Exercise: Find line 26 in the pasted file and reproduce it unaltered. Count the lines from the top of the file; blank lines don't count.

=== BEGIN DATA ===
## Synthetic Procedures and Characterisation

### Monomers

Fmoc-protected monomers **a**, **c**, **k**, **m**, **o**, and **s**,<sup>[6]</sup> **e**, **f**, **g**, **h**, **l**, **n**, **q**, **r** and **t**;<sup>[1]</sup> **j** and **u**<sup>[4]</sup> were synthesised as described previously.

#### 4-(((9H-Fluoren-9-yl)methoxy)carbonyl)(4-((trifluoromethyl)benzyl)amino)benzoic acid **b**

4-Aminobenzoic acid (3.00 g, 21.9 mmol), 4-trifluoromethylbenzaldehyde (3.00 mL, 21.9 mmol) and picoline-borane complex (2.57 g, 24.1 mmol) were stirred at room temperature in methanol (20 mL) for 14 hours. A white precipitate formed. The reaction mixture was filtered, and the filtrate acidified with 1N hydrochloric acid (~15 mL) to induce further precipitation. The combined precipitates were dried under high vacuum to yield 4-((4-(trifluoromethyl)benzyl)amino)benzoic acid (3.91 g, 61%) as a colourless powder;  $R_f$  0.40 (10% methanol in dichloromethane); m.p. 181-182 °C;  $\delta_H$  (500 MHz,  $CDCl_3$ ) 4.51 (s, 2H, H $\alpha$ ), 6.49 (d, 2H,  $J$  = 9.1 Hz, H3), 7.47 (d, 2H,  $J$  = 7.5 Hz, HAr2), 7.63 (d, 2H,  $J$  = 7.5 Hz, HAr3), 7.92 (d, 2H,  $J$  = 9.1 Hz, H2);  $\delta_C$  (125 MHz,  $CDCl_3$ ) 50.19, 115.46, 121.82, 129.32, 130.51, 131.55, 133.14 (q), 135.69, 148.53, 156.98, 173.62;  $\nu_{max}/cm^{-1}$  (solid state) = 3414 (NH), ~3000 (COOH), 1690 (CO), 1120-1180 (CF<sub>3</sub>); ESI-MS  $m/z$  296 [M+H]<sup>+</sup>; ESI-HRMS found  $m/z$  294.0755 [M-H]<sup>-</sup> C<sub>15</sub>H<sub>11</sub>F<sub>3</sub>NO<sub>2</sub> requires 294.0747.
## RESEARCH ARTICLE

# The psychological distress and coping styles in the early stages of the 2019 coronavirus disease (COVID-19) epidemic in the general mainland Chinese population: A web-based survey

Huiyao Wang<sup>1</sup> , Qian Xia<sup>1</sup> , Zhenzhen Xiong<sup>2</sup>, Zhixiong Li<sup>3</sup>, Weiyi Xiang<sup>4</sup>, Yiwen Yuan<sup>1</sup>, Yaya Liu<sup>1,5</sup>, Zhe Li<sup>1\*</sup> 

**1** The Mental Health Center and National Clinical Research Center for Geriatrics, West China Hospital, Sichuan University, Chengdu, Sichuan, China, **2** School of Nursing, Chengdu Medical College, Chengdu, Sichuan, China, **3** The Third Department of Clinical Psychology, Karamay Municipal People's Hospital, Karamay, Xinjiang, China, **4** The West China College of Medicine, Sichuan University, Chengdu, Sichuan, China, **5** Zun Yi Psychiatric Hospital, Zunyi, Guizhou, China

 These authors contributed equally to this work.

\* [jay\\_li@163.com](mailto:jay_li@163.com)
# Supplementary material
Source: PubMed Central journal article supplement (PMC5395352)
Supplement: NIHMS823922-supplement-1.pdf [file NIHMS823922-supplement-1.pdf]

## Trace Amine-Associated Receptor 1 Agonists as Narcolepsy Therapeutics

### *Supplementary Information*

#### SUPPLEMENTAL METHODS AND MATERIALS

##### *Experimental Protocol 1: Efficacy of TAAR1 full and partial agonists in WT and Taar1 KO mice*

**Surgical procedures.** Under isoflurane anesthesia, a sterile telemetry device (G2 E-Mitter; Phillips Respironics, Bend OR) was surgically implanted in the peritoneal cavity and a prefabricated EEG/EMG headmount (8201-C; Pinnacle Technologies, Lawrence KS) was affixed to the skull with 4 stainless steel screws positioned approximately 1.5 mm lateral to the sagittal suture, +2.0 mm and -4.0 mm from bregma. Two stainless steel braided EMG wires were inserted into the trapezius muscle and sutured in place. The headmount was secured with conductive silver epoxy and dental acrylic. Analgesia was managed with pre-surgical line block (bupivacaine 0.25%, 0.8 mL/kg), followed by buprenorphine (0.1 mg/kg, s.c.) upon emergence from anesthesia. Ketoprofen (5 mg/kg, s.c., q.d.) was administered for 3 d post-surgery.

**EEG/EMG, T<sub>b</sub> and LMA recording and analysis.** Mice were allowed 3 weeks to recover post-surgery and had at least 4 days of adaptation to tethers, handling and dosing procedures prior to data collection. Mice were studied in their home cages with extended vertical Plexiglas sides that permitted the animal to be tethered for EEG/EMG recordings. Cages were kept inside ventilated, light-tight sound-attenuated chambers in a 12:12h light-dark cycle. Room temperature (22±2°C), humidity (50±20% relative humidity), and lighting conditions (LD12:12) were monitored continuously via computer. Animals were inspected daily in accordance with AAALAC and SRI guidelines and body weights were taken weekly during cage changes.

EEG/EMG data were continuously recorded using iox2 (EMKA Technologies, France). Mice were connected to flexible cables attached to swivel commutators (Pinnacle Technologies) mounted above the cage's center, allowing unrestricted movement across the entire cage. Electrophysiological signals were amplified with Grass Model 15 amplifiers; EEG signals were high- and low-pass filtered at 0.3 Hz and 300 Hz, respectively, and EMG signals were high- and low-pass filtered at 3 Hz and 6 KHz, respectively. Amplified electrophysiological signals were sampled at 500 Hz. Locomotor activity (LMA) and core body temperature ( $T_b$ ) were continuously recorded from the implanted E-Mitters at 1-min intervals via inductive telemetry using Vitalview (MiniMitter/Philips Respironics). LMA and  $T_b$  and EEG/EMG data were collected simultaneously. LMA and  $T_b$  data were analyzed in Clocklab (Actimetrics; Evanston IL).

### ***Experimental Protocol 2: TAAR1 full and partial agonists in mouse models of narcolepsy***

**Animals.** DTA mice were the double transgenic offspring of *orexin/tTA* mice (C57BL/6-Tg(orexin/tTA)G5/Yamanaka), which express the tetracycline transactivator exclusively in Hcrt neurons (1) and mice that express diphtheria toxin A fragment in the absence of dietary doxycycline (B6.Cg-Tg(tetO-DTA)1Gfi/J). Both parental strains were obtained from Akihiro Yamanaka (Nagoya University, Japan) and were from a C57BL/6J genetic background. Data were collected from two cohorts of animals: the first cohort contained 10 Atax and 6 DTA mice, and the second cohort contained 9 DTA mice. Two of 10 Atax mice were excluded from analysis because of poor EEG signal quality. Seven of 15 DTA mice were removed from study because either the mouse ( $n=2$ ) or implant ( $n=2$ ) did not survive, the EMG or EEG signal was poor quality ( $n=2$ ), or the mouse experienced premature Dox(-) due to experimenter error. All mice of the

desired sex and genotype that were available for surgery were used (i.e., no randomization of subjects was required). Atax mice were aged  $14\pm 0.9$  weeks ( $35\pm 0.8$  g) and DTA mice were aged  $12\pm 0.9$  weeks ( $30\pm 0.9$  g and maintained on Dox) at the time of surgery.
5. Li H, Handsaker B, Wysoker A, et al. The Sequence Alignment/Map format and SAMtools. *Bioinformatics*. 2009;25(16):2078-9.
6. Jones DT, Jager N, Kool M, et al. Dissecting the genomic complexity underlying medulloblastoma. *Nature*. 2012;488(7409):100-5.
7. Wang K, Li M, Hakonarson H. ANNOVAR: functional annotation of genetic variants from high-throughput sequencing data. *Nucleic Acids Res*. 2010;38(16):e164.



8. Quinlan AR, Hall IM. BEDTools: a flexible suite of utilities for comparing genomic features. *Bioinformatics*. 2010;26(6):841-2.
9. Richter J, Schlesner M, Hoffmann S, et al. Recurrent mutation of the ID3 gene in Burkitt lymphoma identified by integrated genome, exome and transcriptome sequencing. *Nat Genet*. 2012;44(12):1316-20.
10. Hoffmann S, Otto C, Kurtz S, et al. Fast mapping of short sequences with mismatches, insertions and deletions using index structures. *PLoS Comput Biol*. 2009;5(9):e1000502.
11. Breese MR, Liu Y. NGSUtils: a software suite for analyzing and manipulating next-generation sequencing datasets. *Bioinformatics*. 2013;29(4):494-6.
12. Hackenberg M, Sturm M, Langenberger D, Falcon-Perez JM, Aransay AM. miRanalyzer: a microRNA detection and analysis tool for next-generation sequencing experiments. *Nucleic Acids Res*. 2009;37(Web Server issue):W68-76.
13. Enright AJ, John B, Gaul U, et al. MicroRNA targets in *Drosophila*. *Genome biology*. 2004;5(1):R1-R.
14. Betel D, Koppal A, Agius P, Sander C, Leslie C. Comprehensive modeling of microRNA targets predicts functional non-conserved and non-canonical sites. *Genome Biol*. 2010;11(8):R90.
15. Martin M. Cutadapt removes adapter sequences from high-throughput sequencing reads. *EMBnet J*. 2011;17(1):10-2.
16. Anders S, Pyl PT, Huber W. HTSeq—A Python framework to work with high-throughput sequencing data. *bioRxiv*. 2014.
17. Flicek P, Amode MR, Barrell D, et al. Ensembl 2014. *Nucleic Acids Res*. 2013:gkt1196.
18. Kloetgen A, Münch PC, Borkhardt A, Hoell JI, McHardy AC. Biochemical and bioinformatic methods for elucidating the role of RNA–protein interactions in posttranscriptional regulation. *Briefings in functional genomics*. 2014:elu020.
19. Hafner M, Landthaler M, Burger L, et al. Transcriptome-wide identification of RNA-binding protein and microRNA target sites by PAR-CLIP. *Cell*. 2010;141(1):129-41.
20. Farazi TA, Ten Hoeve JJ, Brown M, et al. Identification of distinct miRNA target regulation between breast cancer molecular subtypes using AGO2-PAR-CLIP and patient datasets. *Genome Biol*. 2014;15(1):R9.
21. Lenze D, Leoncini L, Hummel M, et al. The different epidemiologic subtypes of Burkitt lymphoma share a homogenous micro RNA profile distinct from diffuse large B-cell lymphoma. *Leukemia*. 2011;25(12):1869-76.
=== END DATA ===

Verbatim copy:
6. Jones DT, Jager N, Kool M, et al. Dissecting the genomic complexity underlying medulloblastoma. *Nature*. 2012;488(7409):100-5.